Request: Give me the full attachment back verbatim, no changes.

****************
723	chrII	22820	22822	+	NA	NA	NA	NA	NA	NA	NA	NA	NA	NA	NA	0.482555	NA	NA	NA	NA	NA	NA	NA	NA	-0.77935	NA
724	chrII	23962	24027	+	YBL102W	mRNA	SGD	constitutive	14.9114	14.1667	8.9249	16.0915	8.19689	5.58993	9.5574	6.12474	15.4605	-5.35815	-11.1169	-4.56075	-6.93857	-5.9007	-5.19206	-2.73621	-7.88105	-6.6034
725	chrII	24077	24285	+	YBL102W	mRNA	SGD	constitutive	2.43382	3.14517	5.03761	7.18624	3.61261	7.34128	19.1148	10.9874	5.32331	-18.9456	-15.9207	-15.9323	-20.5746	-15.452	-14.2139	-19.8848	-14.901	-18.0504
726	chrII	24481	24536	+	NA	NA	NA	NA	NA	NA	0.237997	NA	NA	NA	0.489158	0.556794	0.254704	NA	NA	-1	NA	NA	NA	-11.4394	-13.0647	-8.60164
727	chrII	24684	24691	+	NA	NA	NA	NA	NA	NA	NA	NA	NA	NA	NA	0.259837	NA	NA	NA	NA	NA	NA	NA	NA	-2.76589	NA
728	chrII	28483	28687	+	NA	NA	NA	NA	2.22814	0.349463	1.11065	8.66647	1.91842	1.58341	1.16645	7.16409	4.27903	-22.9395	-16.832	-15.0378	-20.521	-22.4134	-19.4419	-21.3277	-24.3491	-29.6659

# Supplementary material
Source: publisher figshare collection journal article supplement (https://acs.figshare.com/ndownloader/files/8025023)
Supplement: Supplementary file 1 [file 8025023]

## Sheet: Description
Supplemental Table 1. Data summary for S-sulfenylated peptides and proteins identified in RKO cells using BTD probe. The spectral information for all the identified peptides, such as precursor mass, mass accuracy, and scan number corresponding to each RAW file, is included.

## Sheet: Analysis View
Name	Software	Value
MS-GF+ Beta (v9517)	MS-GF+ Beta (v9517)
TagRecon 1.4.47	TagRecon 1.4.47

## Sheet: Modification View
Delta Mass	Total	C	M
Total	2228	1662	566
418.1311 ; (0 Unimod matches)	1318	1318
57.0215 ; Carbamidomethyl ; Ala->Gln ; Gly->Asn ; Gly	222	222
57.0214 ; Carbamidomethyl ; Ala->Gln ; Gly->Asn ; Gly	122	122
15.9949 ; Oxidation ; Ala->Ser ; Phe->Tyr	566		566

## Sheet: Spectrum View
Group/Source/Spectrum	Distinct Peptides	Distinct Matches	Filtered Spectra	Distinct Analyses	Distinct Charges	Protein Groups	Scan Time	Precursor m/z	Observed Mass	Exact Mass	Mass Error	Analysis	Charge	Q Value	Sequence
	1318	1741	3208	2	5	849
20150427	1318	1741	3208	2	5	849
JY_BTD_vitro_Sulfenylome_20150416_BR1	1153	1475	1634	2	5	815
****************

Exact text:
723	chrII	22820	22822	+	NA	NA	NA	NA	NA	NA	NA	NA	NA	NA	NA	0.482555	NA	NA	NA	NA	NA	NA	NA	NA	-0.77935	NA
724	chrII	23962	24027	+	YBL102W	mRNA	SGD	constitutive	14.9114	14.1667	8.9249	16.0915	8.19689	5.58993	9.5574	6.12474	15.4605	-5.35815	-11.1169	-4.56075	-6.93857	-5.9007	-5.19206	-2.73621	-7.88105	-6.6034
725	chrII	24077	24285	+	YBL102W	mRNA	SGD	constitutive	2.43382	3.14517	5.03761	7.18624	3.61261	7.34128	19.1148	10.9874	5.32331	-18.9456	-15.9207	-15.9323	-20.5746	-15.452	-14.2139	-19.8848	-14.901	-18.0504
726	chrII	24481	24536	+	NA	NA	NA	NA	NA	NA	0.237997	NA	NA	NA	0.489158	0.556794	0.254704	NA	NA	-1	NA	NA	NA	-11.4394	-13.0647	-8.60164
727	chrII	24684	24691	+	NA	NA	NA	NA	NA	NA	NA	NA	NA	NA	NA	0.259837	NA	NA	NA	NA	NA	NA	NA	NA	-2.76589	NA
728	chrII	28483	28687	+	NA	NA	NA	NA	2.22814	0.349463	1.11065	8.66647	1.91842	1.58341	1.16645	7.16409	4.27903	-22.9395	-16.832	-15.0378	-20.521	-22.4134	-19.4419	-21.3277	-24.3491	-29.6659

# Supplementary material
Source: publisher figshare collection journal article supplement (https://acs.figshare.com/ndownloader/files/8025023)
Supplement: Supplementary file 1 [file 8025023]

## Sheet: Description
Supplemental Table 1. Data summary for S-sulfenylated peptides and proteins identified in RKO cells using BTD probe. The spectral information for all the identified peptides, such as precursor mass, mass accuracy, and scan number corresponding to each RAW file, is included.

## Sheet: Analysis View
Name	Software	Value
MS-GF+ Beta (v9517)	MS-GF+ Beta (v9517)
TagRecon 1.4.47	TagRecon 1.4.47

## Sheet: Modification View
Delta Mass	Total	C	M
Total	2228	1662	566
418.1311 ; (0 Unimod matches)	1318	1318
57.0215 ; Carbamidomethyl ; Ala->Gln ; Gly->Asn ; Gly	222	222
57.0214 ; Carbamidomethyl ; Ala->Gln ; Gly->Asn ; Gly	122	122
15.9949 ; Oxidation ; Ala->Ser ; Phe->Tyr	566		566

## Sheet: Spectrum View
Group/Source/Spectrum	Distinct Peptides	Distinct Matches	Filtered Spectra	Distinct Analyses	Distinct Charges	Protein Groups	Scan Time	Precursor m/z	Observed Mass	Exact Mass	Mass Error	Analysis	Charge	Q Value	Sequence
	1318	1741	3208	2	5	849
20150427	1318	1741	3208	2	5	849
JY_BTD_vitro_Sulfenylome_20150416_BR1	1153	1475	1634	2	5	815